A spread of buoy-based production systems has been designed by Mentor Subsea and Ocean Resources. The basic concept is 20 years old, but has recently progressed to a variety of configurations, including long-distance tieback of marginal subsea fields in deepwater.
Ocean Resource, located in Chepstow (UK) patented its first remotely controlled concept in 1979. In the 1990s, it has engineerd three buoys for offshore production:
- Three-tether flare buoy for Zafiro off Equatorial Guinea
- Sea Commander buoy for East Spar off Northwest Australia
- Larger buoy for Mossgas' current E-M development off South Africa.
Under the new partnership, five different buoy concepts have been grouped together into The Universal Buoy System range (TUBS). Of these, only the Sea Commander is proven offshore. This is designed to provide control of remote satellite wells, with facilities for chemical storage and injection. The buoy itself is operated via telemetry links.
The standard Sea Commander, for 250 meter water depths, is tethered to a 1,600-ton reinforced concrete gravity base on the seabed by twin spiral strand wire mooring lines. The buoy is a cylindrical, spar-type structure 53 meters tall, with five internal decks, the bottom half being submerged in water. The upper section structure is a column that includes satellite or VHF communications antennae, plus access decks for maintenance or intervention teams arriving by boat or helicopter.
Onboard power comes from four specially designed diesel generators, only one of which operates (normally) at any one time, providing AC and DC power to control systems, pumps, and other equipment.
In standalone production mode, the Sea Commander can accommodate 8-10 km subsea step-out wells, using a local distribution manifold. "For smaller oil accumulations, the buoy could also act as a hub, controlling several drill centers up to 15 km away," says Mentor Subsea's Tony Cousins.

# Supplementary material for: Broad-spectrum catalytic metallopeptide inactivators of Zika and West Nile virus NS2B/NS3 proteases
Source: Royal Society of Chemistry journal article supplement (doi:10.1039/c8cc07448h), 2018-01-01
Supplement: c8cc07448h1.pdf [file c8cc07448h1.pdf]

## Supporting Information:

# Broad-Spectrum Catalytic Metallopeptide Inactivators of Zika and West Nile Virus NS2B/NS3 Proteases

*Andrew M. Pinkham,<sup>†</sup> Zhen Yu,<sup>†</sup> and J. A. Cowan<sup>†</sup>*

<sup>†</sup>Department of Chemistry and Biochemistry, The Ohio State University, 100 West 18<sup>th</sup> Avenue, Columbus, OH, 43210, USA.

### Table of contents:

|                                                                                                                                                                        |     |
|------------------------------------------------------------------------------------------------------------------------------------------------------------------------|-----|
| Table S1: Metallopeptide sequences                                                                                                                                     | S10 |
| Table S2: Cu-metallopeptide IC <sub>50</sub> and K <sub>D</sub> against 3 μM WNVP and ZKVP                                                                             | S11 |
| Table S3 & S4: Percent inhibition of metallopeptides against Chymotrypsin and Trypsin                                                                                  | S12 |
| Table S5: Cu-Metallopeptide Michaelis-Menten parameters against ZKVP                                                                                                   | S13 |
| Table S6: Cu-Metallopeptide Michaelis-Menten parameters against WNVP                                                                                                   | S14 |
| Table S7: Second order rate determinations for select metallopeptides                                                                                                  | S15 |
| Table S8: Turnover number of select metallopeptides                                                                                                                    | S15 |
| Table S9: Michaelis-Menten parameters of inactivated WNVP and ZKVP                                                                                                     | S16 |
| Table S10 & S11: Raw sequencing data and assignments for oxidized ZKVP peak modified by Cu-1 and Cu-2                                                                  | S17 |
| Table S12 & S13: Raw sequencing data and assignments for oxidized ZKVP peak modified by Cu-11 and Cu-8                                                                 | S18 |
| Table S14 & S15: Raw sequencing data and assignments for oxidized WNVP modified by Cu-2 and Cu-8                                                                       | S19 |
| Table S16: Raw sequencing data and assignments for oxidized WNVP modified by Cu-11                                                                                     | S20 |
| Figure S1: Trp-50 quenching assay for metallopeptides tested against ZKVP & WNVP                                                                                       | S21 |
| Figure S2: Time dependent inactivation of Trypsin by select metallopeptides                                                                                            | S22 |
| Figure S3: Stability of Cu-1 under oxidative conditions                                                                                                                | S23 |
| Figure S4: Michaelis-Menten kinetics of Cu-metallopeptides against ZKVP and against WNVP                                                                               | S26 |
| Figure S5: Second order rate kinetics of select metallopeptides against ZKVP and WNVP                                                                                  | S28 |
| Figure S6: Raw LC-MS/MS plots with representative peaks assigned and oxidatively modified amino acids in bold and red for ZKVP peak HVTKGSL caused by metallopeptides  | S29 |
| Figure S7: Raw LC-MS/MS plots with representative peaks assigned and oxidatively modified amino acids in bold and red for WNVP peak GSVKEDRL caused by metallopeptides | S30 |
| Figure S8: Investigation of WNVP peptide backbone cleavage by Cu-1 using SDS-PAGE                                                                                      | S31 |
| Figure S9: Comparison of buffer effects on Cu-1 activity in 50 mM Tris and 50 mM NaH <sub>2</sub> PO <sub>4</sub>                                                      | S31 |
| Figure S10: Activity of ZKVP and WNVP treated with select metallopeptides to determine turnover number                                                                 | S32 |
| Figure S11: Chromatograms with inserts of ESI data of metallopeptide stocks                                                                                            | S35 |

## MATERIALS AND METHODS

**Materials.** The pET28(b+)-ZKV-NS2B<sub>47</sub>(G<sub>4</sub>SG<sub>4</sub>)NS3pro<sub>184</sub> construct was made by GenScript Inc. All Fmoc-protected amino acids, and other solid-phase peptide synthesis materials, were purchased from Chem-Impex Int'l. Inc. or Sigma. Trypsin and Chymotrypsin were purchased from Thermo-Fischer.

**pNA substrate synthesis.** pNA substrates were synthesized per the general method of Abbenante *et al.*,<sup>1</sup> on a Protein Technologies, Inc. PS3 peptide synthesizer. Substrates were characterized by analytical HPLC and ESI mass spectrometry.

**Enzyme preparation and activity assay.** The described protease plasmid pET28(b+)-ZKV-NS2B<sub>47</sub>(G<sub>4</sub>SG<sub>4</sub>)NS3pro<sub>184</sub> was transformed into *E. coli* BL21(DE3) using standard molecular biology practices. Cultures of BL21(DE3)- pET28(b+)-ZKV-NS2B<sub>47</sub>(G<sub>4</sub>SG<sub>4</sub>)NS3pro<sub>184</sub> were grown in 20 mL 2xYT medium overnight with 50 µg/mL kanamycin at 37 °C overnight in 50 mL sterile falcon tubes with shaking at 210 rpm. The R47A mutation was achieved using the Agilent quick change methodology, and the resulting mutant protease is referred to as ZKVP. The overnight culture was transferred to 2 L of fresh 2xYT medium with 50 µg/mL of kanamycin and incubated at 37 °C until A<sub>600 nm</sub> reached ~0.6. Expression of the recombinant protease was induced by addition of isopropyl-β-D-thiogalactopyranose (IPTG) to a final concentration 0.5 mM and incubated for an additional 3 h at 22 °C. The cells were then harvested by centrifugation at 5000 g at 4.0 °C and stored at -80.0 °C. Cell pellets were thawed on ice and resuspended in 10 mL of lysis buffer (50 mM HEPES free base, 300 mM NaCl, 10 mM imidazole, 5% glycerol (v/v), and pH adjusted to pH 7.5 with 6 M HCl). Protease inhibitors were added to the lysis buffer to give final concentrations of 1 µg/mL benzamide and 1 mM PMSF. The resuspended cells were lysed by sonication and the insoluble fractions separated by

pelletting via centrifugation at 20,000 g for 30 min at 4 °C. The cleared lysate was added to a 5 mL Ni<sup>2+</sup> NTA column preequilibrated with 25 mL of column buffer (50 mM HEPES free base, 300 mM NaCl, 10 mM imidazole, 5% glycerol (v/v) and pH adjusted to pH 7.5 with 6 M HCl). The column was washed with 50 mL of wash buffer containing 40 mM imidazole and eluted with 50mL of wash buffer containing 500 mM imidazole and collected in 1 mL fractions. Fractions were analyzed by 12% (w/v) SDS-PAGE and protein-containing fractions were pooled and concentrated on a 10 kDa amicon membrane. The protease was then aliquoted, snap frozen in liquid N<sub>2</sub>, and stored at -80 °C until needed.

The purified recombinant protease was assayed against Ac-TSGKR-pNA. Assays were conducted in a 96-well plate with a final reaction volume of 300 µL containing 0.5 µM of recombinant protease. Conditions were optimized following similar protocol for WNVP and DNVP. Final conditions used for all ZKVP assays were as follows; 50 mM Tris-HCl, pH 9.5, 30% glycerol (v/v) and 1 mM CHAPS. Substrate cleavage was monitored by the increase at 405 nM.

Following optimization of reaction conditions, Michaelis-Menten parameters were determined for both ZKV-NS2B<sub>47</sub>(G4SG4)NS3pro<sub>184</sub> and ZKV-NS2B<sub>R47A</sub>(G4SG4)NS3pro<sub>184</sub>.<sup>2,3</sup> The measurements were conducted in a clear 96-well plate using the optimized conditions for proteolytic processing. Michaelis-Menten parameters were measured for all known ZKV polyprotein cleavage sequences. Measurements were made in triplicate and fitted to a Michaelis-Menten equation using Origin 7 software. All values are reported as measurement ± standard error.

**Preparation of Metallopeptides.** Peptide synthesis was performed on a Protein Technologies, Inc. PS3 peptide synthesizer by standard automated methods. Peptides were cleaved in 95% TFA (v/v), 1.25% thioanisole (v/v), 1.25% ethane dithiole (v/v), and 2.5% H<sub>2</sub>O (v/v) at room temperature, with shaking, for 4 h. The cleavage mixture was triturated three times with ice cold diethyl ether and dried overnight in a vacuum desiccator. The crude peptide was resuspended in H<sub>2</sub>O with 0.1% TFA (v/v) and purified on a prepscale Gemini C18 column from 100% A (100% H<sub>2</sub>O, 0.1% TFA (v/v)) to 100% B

Studies by Mentor and Ocean Resource suggest that the longer the step-out, the bigger the saving in capital expenditures (capex), compared with a conventional subsea tieback of similar length. The "crossover" point is viewed as 20 km, with 9% capex savings predicted for a 40-km tieback. Cost of a standalone, five-well Sea Commander development is put at £60 million.
Mossgas' Sea Commander will be towed out to the E-M field horizontally, then upended, but there are plans for larger buoys with heavier equipment to be towed vertically. Once on site, installation is effected by a combination of deballasting, pull-down wires and hydraulic release rams connected to the gravity base. A torquing system insures correct load distribution after buoyancy/tethering has been accomplished.
A remotely operating installation which is not fixed presents numerous safety issues, which the designers are dealing with. According to Mentor Subsea's Chris Shaw, the buoy is "very resistant to hazards - it's compartmentalized, so spillage from broken pipes or flanges can be contained within that area. Any escaping vapors will dissipate. There should not be enough oxygen to start a fire."
The buoys are designed to be manned only during maintenance visits. Normal escape time, via the central access tower, is estimated at 6 minutes. To avoid collisions, the supply boat is moored downweather of the buoy.
Sea Booster buoy